I tend to watch Food Network and generally like most of their non-cooking shows. (I'm okay with the cooking shows up to a point, but they're so out of my league, and just looking at moving pictures of food doesn't do a whole lot for me.) But there's one program they have that I want to like, but every time I try, the thing is so teeth-gnashing. It's Chef Wanted, where a real restaurant is looking to hire an executive chef, and they have to go through challenges.
Part of the problem is the host, Anne Burrell. I find her the equally annoying female-equivalent of the network's egocentric Tyler Florence, less smarmy, but more snide. But at least she's lively and can be watchable, spiky platinum hair and all.
The bigger problem is that the premise of the show begins with a real-world issue, but it's done as a game show. After all, the restaurants actually, literally, truly are trying to hire a very real executive chef to run their kitchen. But if chefs don't "win" at each round of the game, they're out. Is that how you'd hire someone that important to the life of your business??
I gave the show another shot this week, and this same issue played itself out in full force. In one of the rounds, the four "contestants" had 60 minutes to prepare a specific meal, and one of them didn't get her sauce on the plate in time -- she had the sauce pan in her hand when the time ran out. That was a "major flaw" during the judging, and her food was too dry. Well, yeah, ya think?! And so, she got eliminated. Now, mind you, she might have been a brilliant chef, someone who could have run the kitchen magnificently and brought the restaurant great success, who maybe took a touch extra time to make her food magnificent -- but because she missed getting her sauce on the plate by 10 seconds, she was out.
Again, seriously, is that how you would want to hire someone so important to your livelihood?
I'm sure the show's producers would say that this test demonstrates how someone works under the pressure of a time constraint. But a) it doesn't, because b) it's a false constraint. There aren't such time constraints in a restaurant's kitchen. Does anyone honestly think that any chef would intentionally send out a dish without it being completed because they didn't have enough time? Of course not, they'd take the extra 10 seconds and...ladle on the freaking sauce.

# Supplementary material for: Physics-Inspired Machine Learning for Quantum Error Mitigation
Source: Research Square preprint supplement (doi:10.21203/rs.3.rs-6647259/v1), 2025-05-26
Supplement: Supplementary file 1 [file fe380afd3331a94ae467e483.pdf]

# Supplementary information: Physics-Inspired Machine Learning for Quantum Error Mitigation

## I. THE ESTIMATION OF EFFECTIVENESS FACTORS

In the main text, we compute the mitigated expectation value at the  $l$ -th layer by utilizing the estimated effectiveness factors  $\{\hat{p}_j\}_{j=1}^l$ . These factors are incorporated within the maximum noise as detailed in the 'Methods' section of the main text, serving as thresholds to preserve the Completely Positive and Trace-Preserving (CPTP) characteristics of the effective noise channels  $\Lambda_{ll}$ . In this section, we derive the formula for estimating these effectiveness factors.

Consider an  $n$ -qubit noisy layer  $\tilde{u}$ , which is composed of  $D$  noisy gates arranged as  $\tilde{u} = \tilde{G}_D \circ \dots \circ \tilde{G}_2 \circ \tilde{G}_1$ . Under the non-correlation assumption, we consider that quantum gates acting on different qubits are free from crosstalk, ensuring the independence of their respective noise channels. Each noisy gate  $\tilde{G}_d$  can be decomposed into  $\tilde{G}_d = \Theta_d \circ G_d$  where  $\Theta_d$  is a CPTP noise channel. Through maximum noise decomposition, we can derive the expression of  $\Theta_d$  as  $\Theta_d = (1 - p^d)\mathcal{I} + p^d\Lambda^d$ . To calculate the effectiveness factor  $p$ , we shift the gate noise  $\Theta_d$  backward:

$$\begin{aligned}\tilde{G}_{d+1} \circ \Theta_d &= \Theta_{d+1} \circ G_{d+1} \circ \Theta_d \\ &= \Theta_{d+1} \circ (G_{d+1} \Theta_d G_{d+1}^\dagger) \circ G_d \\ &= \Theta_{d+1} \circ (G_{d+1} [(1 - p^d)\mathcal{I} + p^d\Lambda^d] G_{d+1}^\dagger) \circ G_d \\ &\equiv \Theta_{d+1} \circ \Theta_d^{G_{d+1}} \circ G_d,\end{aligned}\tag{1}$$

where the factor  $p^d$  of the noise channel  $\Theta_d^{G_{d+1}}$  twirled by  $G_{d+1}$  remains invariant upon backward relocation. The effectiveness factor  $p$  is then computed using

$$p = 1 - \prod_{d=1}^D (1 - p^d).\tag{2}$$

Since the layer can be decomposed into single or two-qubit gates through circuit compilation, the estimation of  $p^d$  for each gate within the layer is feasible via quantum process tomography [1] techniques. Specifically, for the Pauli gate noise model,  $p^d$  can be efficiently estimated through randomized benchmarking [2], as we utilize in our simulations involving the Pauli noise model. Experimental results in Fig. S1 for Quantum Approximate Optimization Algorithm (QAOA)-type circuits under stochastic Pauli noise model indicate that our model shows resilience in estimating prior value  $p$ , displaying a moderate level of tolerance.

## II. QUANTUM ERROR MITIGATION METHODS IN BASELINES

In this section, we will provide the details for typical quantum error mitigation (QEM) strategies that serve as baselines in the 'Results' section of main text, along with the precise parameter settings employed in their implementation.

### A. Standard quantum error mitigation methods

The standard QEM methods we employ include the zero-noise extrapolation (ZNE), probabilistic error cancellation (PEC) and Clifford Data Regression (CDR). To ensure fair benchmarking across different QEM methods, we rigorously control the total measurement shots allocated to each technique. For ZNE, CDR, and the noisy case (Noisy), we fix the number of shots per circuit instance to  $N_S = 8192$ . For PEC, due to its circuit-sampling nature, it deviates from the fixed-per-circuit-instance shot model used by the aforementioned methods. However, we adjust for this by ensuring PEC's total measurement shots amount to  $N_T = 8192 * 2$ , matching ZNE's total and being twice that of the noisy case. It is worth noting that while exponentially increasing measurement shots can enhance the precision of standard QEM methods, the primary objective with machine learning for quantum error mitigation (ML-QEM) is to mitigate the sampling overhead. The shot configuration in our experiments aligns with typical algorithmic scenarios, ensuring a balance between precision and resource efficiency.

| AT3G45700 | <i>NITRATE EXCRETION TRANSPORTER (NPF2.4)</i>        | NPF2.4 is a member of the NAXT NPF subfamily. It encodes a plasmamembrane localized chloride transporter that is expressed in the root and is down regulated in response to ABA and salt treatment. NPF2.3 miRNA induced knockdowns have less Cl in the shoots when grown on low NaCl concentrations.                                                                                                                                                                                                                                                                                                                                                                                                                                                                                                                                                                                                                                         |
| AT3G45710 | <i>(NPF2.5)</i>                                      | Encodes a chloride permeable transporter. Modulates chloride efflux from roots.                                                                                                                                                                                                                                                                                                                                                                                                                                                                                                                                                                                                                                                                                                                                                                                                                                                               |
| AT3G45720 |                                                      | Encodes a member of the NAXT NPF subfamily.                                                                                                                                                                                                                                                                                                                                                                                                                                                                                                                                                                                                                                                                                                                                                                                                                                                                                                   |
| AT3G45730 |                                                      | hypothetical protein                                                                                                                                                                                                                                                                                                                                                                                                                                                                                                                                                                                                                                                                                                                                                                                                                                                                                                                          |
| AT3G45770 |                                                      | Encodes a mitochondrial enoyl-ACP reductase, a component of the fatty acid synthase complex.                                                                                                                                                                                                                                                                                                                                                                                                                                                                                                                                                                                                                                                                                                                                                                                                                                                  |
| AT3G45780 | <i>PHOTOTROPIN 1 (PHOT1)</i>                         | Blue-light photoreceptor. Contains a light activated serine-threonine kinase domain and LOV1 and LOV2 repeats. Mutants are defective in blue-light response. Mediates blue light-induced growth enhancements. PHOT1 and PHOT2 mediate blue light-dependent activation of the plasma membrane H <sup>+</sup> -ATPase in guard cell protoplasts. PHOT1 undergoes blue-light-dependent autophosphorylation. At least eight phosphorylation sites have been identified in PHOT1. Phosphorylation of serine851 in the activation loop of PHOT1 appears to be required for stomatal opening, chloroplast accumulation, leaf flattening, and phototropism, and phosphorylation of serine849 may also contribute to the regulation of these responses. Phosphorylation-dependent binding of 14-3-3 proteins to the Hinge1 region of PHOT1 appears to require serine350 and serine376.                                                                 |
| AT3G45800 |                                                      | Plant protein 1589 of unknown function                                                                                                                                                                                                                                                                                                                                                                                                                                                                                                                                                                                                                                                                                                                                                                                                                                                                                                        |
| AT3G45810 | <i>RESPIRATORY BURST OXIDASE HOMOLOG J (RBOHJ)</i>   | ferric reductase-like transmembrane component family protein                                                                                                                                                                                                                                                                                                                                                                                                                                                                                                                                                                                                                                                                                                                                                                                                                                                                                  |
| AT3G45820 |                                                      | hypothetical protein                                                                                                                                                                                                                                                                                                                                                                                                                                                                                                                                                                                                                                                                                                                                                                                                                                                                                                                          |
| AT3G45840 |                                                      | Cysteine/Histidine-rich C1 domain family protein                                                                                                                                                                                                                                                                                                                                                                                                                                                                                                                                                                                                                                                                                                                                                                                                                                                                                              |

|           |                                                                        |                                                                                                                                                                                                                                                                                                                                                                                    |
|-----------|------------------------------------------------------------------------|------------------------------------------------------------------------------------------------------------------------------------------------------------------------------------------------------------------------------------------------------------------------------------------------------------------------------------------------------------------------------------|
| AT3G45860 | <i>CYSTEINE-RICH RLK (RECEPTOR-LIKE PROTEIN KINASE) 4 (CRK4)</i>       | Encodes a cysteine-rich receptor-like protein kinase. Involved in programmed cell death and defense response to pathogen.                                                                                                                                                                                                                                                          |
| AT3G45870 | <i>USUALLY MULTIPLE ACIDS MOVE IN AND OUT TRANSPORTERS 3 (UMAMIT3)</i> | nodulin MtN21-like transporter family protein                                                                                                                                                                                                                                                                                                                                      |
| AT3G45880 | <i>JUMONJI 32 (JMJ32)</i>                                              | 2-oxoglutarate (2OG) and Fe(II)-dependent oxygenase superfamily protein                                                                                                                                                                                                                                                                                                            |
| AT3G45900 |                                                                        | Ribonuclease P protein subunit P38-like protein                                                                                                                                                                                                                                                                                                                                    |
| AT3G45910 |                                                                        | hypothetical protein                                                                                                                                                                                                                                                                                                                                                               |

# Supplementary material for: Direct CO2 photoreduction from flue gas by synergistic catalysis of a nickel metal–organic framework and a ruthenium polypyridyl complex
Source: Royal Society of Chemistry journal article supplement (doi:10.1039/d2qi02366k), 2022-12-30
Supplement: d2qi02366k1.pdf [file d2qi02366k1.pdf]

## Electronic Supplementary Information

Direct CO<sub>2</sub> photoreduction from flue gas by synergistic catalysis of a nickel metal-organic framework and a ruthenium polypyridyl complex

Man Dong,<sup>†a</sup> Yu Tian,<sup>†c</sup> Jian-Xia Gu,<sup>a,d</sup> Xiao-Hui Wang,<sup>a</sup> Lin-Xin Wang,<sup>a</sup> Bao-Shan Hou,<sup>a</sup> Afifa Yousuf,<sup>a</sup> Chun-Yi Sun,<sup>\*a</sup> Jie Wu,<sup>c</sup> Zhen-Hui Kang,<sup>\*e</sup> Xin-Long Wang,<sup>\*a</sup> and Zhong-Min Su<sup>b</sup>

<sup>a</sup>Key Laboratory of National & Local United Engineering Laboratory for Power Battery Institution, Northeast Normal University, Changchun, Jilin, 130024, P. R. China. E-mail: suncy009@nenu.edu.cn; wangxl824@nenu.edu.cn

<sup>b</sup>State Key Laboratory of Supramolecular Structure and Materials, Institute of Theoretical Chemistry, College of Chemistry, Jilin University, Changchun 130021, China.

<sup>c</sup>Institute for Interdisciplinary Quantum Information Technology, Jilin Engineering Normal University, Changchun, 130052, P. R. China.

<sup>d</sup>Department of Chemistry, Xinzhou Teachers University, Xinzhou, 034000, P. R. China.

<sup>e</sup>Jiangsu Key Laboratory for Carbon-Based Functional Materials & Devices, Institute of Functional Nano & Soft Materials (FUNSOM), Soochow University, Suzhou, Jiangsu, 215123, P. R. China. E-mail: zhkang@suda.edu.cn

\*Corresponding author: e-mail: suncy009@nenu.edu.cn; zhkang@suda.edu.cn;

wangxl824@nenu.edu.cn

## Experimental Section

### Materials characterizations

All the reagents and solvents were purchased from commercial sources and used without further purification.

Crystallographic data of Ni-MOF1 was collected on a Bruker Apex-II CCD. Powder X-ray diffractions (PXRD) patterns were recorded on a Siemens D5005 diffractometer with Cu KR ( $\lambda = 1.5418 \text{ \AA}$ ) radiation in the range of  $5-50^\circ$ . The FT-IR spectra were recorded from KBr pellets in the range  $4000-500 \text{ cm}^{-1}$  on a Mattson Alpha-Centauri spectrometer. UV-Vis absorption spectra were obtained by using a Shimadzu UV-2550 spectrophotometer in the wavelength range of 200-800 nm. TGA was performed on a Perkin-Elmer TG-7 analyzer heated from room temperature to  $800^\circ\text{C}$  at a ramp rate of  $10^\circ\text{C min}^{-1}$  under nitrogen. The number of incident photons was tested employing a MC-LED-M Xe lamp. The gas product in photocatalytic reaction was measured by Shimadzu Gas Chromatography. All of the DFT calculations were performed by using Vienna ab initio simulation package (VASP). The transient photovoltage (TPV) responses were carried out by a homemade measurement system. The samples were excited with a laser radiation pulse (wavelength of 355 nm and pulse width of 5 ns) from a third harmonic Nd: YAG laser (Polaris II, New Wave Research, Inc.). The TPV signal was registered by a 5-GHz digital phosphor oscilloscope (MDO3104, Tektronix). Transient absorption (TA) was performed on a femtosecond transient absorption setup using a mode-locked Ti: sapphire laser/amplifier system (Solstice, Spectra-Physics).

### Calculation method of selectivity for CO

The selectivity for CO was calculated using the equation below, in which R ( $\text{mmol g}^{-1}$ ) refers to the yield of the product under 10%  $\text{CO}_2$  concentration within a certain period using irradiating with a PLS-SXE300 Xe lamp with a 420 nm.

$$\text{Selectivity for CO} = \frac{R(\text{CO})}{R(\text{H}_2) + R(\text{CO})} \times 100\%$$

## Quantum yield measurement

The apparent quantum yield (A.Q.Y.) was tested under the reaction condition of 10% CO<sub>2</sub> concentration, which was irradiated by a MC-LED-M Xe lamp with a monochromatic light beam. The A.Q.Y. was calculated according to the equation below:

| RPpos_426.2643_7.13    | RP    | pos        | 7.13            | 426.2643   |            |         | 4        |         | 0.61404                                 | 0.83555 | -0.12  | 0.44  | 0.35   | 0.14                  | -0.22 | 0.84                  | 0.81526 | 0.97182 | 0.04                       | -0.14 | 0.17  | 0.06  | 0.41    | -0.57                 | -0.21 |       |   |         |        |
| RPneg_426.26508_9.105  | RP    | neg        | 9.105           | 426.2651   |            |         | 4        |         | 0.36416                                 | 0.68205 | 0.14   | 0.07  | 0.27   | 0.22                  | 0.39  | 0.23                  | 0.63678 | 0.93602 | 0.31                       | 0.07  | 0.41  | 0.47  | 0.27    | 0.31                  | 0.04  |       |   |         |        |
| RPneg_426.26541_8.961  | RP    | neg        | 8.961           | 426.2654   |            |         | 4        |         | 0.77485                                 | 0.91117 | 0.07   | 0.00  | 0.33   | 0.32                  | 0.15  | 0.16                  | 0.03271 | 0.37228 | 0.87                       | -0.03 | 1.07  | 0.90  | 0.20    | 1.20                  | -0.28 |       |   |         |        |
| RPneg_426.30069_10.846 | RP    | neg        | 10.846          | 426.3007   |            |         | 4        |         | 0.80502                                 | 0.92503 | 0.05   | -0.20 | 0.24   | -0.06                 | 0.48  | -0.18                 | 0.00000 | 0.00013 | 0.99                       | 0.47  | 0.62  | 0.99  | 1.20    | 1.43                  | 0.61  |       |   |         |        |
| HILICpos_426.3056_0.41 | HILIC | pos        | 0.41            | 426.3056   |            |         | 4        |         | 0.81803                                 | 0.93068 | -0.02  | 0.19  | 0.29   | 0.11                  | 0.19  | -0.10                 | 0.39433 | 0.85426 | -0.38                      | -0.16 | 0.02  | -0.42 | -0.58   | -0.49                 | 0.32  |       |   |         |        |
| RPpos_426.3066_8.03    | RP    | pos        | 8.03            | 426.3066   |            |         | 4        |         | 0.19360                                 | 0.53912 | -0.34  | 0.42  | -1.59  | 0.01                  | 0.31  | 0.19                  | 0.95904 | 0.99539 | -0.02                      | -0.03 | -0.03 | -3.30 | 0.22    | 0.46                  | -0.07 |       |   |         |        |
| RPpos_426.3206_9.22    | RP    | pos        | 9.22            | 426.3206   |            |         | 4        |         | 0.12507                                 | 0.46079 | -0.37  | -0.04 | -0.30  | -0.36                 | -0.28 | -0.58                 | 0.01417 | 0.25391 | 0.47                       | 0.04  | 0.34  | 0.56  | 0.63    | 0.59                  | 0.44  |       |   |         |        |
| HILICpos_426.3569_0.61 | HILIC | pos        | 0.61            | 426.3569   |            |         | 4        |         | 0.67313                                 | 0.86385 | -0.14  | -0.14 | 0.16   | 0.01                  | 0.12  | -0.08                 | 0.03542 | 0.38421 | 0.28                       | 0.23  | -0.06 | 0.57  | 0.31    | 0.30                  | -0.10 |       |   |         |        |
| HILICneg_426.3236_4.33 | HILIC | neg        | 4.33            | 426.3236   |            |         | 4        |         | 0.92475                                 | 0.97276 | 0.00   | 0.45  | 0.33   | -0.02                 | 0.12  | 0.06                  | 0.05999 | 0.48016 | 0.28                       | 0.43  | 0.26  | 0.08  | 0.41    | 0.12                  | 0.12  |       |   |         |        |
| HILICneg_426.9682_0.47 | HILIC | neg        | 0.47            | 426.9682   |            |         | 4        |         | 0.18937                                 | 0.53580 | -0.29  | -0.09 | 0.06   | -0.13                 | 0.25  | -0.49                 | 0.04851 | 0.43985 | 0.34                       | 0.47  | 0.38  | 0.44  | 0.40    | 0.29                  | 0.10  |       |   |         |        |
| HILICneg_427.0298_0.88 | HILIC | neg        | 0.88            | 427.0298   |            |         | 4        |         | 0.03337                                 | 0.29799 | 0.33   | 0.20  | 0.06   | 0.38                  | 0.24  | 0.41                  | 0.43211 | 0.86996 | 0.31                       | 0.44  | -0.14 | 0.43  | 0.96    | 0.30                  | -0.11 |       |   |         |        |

One day, I'd like to see an owner tell the host, "Y'know, I'm aware the chef missed the deadline, but this is my business. All my money is tied up in this place. I want to taste the food. Put the sauce on the plate, now, and let me make an informed judgment on how it actually tastes and see what the chef can actually do. This isn't a game. I'm hiring an executive chef. Let me do so."
I will continue watch every once in a while, because aspects of the show are actually interesting, like when the final two chefs get to run the restaurant for a night. (Though even that has a slightly false core for an owner deciding who to hire. But it's not unreasonable.) But too much of the show is gallingly frustrating, turning something truly important into a game. Maybe one day they'll tweak and fix this, to make it quite fascinating and valid. There has to be a better way -- give the owner a "lifeline" or a save, or a second-chance challenge for all those eliminated...or something that allows for flexibility. Chef Wanted doesn't have to be a pure game, since this is -- in truth -- a real-world job hire. When the program is able transcend that, it can rise to substantive. But until then, it only gets my periodic attention as being quaint.
Robert J. Elisberg is a political commentator, screenwriter, novelist, tech writer and also some other things that I just tend to keep forgetting.
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